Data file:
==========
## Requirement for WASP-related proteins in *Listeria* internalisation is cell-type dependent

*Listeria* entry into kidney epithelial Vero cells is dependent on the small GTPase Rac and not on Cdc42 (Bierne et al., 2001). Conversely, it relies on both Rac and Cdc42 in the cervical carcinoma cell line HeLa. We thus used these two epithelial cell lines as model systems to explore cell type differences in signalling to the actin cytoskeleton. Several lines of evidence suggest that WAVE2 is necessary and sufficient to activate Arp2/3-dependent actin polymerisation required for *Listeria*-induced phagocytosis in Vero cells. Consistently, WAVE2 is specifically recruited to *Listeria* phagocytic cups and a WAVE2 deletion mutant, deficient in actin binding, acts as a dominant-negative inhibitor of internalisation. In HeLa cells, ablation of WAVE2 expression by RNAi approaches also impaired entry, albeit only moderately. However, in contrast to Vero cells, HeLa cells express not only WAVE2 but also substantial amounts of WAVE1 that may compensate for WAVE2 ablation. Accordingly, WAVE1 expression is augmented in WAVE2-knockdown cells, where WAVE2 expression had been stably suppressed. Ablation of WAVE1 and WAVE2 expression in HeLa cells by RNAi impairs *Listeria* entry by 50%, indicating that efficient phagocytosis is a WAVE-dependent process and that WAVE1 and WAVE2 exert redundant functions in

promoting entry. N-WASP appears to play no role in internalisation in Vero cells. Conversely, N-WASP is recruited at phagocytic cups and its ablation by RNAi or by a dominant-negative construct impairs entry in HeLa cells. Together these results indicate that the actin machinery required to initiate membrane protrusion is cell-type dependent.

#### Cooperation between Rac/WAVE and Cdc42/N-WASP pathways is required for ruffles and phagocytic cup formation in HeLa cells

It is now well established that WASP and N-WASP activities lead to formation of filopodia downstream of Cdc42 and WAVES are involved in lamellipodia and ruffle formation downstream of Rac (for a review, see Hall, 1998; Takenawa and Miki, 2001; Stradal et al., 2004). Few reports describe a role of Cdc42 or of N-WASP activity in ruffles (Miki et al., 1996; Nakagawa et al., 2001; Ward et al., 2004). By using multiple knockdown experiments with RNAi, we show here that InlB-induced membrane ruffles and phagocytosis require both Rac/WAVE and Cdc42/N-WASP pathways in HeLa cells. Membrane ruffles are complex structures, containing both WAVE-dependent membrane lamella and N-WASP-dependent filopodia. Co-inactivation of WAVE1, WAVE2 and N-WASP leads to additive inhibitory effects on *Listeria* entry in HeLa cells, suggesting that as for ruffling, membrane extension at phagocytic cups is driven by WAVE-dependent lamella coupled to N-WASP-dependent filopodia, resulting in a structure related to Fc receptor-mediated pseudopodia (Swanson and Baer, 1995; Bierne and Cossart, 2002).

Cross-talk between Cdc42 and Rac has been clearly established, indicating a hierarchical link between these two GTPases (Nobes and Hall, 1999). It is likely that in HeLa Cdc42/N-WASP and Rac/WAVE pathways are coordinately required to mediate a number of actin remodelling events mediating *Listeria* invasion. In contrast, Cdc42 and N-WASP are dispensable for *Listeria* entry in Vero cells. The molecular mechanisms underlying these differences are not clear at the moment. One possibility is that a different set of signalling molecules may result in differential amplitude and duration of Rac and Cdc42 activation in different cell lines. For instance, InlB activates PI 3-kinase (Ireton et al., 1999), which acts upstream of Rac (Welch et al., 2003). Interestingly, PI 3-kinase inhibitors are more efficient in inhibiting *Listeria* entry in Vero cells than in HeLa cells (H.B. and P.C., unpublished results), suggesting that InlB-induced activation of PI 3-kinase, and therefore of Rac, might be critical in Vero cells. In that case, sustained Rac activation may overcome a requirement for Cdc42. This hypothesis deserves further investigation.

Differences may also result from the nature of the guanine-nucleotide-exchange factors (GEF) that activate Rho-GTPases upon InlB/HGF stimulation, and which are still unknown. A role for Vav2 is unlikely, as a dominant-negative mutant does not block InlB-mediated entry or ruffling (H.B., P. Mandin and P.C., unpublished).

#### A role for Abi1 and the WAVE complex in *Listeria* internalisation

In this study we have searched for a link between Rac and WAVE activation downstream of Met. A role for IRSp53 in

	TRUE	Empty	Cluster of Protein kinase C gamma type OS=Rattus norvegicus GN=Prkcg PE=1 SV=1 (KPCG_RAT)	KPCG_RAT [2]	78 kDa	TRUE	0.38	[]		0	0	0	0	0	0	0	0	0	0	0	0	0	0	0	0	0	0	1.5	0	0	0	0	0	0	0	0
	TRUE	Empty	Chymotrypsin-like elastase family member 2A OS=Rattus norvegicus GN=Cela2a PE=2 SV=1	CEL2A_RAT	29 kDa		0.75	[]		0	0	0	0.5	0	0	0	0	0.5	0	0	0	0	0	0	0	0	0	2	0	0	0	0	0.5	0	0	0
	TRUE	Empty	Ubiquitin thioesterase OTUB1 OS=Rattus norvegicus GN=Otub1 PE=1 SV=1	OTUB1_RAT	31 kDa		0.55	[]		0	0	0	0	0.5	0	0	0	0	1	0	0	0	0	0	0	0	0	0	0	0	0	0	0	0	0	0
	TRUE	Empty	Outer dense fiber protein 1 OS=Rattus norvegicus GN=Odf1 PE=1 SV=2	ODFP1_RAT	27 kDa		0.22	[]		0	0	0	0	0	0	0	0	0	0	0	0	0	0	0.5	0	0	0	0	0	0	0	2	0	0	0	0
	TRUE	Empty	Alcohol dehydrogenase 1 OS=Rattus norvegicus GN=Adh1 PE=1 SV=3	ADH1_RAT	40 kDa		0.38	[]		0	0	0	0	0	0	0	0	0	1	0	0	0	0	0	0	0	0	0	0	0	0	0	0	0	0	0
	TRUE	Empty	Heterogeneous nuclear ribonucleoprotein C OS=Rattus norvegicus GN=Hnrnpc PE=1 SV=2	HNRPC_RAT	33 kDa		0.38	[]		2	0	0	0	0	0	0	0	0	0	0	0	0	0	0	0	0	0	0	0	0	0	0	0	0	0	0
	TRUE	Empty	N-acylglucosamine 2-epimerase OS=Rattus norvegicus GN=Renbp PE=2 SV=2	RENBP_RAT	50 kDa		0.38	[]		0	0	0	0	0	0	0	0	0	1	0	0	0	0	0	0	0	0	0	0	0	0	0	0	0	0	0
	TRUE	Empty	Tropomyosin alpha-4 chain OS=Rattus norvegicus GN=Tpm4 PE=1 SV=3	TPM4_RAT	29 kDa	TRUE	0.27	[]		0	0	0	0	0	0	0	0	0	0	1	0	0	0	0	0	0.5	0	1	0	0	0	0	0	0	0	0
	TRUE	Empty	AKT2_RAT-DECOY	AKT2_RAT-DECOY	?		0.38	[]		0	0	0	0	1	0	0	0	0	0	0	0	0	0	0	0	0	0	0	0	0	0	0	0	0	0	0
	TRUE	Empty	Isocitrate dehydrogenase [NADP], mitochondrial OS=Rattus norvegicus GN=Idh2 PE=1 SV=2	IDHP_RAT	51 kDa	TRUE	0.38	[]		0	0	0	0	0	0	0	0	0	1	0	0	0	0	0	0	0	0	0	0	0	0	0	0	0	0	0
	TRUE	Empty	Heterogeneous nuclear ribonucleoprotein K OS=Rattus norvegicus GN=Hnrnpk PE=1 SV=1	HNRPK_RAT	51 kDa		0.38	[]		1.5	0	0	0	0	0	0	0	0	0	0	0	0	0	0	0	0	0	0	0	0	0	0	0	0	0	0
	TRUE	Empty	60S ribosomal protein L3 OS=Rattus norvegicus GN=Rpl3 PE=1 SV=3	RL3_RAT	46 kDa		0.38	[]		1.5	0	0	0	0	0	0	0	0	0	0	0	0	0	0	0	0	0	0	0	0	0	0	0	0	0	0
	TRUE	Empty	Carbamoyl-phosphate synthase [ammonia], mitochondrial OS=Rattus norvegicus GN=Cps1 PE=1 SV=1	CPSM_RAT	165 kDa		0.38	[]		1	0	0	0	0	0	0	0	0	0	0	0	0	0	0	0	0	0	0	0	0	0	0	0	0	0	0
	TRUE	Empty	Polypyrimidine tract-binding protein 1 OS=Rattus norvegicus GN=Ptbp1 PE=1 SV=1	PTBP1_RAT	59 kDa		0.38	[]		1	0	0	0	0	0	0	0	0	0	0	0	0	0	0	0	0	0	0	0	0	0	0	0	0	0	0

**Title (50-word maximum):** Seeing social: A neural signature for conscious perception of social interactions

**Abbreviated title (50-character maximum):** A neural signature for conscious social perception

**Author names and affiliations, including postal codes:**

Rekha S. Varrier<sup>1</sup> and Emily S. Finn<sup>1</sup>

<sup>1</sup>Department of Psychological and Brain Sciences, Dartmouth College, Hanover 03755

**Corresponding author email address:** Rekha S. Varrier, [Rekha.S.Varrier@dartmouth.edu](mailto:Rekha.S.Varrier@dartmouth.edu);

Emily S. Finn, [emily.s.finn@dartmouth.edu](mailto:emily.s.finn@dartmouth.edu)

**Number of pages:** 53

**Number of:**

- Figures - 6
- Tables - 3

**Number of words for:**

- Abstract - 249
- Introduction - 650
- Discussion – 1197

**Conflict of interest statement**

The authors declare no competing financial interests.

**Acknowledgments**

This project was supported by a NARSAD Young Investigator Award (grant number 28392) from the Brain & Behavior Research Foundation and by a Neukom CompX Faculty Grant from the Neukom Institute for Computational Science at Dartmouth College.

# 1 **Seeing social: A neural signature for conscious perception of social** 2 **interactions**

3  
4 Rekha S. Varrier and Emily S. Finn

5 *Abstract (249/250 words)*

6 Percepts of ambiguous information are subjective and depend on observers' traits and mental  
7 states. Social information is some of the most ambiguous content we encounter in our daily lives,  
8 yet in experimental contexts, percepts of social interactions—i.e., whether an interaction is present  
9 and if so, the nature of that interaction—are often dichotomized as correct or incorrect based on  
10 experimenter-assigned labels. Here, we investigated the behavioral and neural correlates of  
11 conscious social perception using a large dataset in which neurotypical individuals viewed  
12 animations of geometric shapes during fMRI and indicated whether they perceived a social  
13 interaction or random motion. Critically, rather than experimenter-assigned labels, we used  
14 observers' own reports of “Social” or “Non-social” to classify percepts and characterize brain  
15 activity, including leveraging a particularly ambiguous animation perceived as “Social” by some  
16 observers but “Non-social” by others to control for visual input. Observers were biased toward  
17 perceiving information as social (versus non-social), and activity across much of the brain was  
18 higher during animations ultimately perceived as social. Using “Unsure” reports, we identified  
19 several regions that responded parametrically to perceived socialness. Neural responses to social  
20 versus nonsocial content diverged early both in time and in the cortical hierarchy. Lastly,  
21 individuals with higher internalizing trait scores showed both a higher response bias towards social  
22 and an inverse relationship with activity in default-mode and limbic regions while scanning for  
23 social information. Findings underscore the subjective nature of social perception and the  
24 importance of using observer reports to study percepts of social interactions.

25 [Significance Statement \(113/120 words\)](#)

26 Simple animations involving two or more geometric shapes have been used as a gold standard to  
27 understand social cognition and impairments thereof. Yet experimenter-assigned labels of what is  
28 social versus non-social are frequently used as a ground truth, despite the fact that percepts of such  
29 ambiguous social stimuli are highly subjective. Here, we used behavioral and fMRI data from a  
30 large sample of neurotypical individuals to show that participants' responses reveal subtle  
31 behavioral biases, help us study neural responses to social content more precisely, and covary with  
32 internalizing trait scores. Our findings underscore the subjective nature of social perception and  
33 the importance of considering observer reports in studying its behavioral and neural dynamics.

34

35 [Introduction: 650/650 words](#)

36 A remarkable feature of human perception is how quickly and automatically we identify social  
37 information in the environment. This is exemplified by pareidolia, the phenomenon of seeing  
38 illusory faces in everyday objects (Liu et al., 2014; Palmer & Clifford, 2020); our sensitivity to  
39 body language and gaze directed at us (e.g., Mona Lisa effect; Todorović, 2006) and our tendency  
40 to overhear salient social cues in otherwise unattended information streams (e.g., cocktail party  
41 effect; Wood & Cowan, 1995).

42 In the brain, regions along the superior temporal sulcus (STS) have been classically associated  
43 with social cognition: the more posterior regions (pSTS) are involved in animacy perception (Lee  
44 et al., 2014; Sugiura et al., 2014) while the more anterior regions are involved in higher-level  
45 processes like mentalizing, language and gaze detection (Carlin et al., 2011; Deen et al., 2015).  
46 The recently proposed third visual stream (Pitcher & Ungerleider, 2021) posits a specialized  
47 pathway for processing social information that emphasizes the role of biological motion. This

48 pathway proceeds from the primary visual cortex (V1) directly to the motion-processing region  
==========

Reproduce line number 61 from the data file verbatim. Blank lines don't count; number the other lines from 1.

20 versus nonsocial content diverged early both in time and in the cortical hierarchy. Lastly,  